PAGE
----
Why Centre should not heed RBI's advice to ban cryptocurrencies
Cryptos now hang in a wondrous state like the epical Trishanku swargam – neither bearing the stamp of official imprimatur nor condemned as contraband or illegal like narcotics; the government should let people invest in them, using their own judgment
Finance Minister Nirmala Sitharaman has gone public with the RBI counsel to ban cryptocurrencies. This is not the first time the RBI has recommended this course. It seems to be at loggerheads with the government on this issue. The government, meanwhile, wisely feels banning could well be counterproductive.
In Budget 2022-23, the Finance Minister, vide a new Section 115BBH, slapped a 30 per cent plus tax on profits from cryptocurrencies that made the tax greenhorns wonder if she was making them legit. She wasn’t. One of the fundamental canons of income tax is that the taint of illegality doesn’t insulate a transaction from tax.
A house of ill-repute is therefore as much liable to income tax as a reputed hospital. It is another matter that both don’t pay tax in our country, with the former adopting the cash-only principle and the latter hiding behind the age-old immunity from income-tax given to public charitable trusts. Corporate hospitals of course have to pay up. Be that as it may.
Cryptos now hang in a wondrous state like the epical Trishanku swargam – neither bearing the stamp of official imprimatur nor condemned as contraband or illegal like narcotics. There is a talk of the government possibly imposing a 28 per cent GST on cryptocurrencies now that its commodity status is no longer in the realm of doubt.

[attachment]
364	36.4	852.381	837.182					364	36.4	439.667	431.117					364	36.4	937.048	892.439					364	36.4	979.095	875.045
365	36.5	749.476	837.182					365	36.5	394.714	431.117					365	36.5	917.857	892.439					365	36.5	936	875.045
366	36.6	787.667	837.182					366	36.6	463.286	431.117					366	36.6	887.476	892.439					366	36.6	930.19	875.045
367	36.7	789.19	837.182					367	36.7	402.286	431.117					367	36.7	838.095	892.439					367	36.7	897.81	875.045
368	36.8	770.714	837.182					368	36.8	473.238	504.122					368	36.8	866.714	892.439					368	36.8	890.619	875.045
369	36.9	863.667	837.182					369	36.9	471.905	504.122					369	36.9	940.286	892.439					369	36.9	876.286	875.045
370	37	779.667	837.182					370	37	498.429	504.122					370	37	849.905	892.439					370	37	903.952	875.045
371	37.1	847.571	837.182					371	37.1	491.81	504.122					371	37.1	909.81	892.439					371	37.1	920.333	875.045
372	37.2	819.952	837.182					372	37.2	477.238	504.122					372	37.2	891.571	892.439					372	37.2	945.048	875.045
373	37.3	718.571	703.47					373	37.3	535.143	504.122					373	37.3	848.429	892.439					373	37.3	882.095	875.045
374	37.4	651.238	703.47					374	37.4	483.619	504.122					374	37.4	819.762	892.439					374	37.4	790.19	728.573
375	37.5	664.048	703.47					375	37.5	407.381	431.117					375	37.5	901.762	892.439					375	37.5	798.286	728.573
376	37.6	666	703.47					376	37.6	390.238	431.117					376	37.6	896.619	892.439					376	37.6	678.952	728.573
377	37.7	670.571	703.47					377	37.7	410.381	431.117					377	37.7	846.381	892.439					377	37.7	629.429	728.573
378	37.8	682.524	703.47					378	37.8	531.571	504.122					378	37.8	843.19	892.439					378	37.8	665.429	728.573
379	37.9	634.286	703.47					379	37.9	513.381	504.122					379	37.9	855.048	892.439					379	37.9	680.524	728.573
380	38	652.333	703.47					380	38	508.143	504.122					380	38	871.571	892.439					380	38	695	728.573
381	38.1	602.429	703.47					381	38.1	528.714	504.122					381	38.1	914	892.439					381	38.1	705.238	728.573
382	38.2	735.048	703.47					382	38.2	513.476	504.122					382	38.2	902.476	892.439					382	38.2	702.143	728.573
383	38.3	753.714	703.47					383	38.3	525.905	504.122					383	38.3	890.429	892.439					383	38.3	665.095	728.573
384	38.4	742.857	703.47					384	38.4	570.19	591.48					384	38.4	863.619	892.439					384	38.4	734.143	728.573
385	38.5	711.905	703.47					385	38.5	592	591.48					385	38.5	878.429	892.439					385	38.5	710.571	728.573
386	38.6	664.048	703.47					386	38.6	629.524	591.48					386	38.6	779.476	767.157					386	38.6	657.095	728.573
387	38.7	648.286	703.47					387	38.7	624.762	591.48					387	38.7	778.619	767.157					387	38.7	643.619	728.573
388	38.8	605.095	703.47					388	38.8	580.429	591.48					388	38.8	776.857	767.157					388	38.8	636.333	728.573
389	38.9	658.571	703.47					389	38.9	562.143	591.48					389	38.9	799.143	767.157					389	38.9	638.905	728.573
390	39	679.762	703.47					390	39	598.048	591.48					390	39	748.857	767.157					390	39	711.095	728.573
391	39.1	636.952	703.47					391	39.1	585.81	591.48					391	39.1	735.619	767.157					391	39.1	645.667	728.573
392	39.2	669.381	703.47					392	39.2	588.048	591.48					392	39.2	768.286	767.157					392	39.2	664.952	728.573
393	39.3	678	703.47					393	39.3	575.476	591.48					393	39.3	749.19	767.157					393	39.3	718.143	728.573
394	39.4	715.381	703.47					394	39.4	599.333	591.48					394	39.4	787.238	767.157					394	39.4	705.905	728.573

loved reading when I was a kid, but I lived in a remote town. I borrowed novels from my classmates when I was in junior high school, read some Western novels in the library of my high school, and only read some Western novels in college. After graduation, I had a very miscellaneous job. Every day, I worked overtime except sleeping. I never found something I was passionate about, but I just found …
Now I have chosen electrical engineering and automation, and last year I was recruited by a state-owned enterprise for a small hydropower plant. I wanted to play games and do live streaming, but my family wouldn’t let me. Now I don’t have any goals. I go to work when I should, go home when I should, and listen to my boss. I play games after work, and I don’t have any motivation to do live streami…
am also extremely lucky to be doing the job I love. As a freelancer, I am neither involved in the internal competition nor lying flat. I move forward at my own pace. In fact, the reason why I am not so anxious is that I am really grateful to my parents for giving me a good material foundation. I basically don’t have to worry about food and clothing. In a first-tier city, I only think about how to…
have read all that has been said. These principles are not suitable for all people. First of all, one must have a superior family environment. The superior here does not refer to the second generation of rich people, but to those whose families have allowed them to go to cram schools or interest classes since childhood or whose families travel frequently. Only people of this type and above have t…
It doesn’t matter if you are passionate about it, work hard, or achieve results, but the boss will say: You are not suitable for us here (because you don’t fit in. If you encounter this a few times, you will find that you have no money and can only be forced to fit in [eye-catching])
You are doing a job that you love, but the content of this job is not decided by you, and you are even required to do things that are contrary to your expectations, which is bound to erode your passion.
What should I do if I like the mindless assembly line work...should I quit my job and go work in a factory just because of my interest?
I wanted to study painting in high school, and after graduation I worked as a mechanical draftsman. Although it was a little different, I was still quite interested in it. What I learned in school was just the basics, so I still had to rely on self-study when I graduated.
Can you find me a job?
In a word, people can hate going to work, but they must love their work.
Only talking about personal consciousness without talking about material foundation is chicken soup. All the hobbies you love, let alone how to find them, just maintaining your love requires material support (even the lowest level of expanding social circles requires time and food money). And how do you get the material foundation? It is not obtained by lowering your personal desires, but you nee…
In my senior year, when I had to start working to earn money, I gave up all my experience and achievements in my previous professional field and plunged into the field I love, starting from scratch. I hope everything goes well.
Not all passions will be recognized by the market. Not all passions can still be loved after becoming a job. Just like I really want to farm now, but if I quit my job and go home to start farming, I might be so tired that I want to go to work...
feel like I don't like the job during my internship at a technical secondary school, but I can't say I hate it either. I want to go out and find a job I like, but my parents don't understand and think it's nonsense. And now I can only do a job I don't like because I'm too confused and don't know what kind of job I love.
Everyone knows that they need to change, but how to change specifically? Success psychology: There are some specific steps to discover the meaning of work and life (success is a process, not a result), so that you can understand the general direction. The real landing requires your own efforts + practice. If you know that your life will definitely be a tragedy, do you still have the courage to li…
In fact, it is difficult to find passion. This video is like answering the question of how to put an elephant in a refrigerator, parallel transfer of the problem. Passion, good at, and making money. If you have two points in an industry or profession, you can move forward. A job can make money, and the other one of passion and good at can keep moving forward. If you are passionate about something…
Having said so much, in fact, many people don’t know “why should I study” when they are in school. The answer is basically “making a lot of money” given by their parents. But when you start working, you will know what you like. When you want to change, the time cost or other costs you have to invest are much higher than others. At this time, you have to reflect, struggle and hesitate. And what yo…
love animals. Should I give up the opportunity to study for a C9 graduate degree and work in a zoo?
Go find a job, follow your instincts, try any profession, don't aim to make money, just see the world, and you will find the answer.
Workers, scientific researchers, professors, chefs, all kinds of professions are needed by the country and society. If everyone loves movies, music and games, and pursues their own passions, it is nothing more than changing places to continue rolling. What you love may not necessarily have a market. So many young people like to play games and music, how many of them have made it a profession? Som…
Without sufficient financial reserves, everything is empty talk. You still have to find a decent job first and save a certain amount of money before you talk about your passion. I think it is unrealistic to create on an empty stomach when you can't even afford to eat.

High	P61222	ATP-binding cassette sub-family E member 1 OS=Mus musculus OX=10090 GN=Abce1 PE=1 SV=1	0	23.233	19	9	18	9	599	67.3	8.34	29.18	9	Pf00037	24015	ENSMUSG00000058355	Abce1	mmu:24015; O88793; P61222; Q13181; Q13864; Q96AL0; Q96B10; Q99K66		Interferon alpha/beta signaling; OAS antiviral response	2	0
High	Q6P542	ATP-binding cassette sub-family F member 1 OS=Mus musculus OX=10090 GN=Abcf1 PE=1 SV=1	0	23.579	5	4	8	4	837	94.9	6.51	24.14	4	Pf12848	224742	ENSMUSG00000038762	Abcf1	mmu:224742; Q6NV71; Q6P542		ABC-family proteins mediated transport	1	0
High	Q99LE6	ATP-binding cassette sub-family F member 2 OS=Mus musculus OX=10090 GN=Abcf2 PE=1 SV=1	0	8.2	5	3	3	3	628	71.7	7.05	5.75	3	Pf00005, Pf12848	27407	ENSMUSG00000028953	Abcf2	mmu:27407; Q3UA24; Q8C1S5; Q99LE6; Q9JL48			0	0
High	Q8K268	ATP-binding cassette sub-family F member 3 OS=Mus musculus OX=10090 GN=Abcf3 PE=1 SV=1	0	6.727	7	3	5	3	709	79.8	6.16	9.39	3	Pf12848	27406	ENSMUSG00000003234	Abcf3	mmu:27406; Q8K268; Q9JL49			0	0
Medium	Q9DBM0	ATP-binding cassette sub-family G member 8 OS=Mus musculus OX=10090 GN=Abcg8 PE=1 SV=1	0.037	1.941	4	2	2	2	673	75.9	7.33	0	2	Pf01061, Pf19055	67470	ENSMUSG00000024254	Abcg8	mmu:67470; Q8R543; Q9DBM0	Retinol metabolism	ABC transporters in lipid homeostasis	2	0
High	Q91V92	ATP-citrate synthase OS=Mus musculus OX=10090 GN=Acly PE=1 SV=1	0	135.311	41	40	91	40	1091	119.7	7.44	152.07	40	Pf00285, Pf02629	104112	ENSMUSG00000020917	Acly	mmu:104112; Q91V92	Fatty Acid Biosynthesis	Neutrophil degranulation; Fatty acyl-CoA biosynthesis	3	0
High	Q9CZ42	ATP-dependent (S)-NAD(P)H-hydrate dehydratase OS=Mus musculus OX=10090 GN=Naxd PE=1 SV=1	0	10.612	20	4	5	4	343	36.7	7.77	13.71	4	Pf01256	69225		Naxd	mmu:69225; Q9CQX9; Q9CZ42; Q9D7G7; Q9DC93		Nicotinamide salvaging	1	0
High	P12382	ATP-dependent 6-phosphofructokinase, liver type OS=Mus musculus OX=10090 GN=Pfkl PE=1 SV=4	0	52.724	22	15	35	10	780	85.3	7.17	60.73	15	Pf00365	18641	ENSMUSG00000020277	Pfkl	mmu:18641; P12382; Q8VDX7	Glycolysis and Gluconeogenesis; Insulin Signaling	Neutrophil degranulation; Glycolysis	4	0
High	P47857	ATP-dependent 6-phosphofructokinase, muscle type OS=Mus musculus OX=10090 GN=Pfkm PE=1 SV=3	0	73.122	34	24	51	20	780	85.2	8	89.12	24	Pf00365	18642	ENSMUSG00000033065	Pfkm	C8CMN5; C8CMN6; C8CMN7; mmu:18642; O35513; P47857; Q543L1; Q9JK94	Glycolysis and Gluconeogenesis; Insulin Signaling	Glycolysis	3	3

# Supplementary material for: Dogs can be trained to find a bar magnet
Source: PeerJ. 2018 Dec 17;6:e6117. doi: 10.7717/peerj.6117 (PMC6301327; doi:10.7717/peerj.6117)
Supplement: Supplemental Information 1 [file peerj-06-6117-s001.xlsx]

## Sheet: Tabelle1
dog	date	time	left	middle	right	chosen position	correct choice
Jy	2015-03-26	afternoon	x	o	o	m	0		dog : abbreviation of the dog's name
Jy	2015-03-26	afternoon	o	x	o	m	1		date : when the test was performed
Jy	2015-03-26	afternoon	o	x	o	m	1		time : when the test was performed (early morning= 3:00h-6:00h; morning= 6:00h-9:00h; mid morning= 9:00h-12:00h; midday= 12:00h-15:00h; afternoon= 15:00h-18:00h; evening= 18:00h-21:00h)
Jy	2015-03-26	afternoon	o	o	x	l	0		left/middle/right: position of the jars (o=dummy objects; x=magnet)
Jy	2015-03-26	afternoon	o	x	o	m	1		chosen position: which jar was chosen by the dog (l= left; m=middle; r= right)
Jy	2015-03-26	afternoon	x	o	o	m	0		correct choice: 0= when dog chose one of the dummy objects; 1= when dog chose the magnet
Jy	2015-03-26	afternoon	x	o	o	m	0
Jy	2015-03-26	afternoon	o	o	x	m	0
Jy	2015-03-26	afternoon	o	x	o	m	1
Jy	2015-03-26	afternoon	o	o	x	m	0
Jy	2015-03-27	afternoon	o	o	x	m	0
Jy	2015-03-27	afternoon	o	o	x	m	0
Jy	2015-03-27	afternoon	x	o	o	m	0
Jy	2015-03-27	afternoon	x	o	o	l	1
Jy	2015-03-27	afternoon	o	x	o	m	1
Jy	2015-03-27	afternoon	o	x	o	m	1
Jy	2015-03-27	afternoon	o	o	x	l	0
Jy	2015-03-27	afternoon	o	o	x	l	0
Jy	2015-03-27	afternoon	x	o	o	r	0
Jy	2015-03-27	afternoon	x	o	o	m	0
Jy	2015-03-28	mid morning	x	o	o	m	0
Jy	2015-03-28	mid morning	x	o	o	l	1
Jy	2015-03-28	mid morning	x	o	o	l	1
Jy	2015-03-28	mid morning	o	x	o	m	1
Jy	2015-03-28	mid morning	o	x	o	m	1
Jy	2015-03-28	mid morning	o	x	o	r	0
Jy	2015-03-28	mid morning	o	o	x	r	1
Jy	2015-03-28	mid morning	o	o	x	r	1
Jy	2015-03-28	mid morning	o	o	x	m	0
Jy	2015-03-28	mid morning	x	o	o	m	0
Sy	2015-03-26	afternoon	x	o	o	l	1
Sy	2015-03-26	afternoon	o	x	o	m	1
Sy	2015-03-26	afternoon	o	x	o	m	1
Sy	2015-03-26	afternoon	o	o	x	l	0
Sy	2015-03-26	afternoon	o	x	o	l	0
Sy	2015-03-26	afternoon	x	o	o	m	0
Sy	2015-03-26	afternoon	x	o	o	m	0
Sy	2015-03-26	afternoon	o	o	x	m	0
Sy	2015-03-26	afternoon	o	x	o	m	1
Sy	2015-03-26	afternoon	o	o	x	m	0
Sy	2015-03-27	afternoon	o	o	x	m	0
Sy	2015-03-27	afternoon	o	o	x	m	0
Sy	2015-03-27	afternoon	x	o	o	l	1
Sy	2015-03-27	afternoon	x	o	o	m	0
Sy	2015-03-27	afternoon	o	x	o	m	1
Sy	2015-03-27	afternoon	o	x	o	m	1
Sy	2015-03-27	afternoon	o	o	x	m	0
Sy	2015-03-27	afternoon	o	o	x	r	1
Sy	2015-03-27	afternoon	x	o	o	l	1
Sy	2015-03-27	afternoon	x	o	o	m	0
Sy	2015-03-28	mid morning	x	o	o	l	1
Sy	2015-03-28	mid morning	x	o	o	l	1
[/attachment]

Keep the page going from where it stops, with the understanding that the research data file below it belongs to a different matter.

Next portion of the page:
This is the way forward. Don’t be needlessly moralistic or sanctimonious except when a product or service has the effect of dehumanising the society, with prostitution and narcotics standing out as unquestionable examples. The world is veering to the view that gambling need not be frowned upon. France has given its thumbs up to man’s innate gambling instincts with some reasonable restrictions like they should not be located perilously close to factories lest workers blow away their salaries.
It is something like our own system – keep the liquor shops closed on pay days. Gujarat and Bihar alone are the two states in India practicing total prohibition though both know that it gives fillip to the more dangerous bootlegging industry and drinking on the sly, including by hotfooting to neighboring states to imbibe the forbidden potion. Bihar, in particular, must be ruing its decision as it can do with the considerable revenue from this commodity. Liquor and tobacco have been Finance Ministers’ favorite whipping boys.
Let people decide
So, let people invest in Bitcoin and its clones. Let them stew in their own juices. Have we banned day trading in the bourses, which is now the avocation of both the rich and the indolent? It is at the end of the day pure gambling given the fact that one cannot change his view to buy taken in the morning by disowning it in the afternoon in a manner of double take? The government should not sit in judgment over people’s investment and spending decisions beyond shaping fiscal policies to encourage or discourage certain activities.